Decisions about where to put the trees were made according to how they will change the view from the house. I used sticks in the ground and checked back at the house to see whether I was sighting them correctly because the position where a tree appears in the landscape changes with the viewing angle. On the south side of the house the slope rises up behind the house to the top of a hill. Here my main concern was to plant a scattering of local allocasuarinas - A.littoralis across the top of the block connecting them to older boundary plantings of this same species and a 5-year old forest of A.torulosa. Once again my aim is to find unity in consistency.

My treatment of eucalypts in particular has been the same as many other key plants in the design where I use repetition, overlap when bringing in a new species, and single specimens for occasional contrast and interest. The only difference, though, is that when I think about placement I try to think of the total garden, not just a bed or a section. From certain vantage points I expect the eye to be able to move through the tree canopy and travel beyond the garden plants into the borrowed landscape to increase the feeling of space in the garden. I have also chosen to intermingle and repeat eucalypts (E.leucoxylon, E.pauciflora, E.mannifera, E.scoparia, E.kitsioniana) that have a similar smooth trunk so that once again the eye will make the connections to produce a feeling of unity. The similar foliage of the allocasuarinas, means that different species can be used throughout the garden and once again I expect the eye will make the connections, the mind will find peace.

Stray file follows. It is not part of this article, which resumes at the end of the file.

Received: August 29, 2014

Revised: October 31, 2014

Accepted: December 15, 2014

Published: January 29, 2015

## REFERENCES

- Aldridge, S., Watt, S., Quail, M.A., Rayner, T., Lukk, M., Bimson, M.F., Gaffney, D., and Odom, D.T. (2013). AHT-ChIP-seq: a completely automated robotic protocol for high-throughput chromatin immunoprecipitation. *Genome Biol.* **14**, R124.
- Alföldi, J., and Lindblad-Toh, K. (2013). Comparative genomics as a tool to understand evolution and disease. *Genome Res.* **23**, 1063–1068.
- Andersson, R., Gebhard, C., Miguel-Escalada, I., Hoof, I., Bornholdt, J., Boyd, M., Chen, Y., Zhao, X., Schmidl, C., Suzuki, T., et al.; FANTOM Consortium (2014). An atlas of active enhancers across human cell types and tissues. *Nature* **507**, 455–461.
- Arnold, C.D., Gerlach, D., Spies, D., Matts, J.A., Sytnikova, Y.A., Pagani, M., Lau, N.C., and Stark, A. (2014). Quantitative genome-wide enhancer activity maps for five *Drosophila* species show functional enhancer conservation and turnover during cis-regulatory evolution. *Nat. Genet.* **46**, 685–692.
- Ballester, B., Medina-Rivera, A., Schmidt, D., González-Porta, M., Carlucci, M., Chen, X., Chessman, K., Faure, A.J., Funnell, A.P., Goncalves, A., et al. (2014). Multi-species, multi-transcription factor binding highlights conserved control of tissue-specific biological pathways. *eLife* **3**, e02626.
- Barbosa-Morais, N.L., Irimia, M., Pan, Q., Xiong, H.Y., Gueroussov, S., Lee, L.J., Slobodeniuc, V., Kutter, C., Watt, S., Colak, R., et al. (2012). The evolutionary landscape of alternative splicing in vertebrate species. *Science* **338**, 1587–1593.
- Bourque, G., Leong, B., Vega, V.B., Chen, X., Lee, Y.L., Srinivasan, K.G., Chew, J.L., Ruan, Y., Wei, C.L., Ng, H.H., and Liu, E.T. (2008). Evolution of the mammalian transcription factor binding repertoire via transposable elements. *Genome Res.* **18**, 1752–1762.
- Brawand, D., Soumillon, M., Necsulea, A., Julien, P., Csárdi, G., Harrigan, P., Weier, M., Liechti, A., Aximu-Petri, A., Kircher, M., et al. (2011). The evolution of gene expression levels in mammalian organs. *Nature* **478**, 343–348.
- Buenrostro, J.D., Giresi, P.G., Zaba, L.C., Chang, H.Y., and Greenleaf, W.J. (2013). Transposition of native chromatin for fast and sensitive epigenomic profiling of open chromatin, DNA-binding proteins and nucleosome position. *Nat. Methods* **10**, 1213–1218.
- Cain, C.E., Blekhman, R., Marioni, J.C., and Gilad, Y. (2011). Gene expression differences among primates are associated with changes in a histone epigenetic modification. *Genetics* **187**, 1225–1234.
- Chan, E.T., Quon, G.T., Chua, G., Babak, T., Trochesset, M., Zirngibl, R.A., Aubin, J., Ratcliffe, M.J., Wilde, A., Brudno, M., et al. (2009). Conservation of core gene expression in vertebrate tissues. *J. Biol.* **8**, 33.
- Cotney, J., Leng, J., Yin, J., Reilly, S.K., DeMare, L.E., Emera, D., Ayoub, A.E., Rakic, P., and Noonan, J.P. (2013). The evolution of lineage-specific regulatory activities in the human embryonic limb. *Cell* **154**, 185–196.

Now all I need is patience and good health to see if these newly planted trees create the expected effect when they are fully mature. In the meantime I continue to refine and expand on these ideas of using trees in the overall design and have already decided on 2 more locations where E.leucoxylon ssp.megalocarpa will replace dying shrubs. Please do not think that I am heading towards a heavily treed garden. I have a very large garden, about 0.5 hectare, and most trees are still planted close to the garden's boundaries. In this way I hope to preserve distant and internal views while maximizing the amount of sun and rainfall available to smaller shrubs.

From the newsletter of ASGAP's Garden Design Study Group, November 2002.

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Australian Plants online - December 2003
Association of Societies for Growing Australian Plants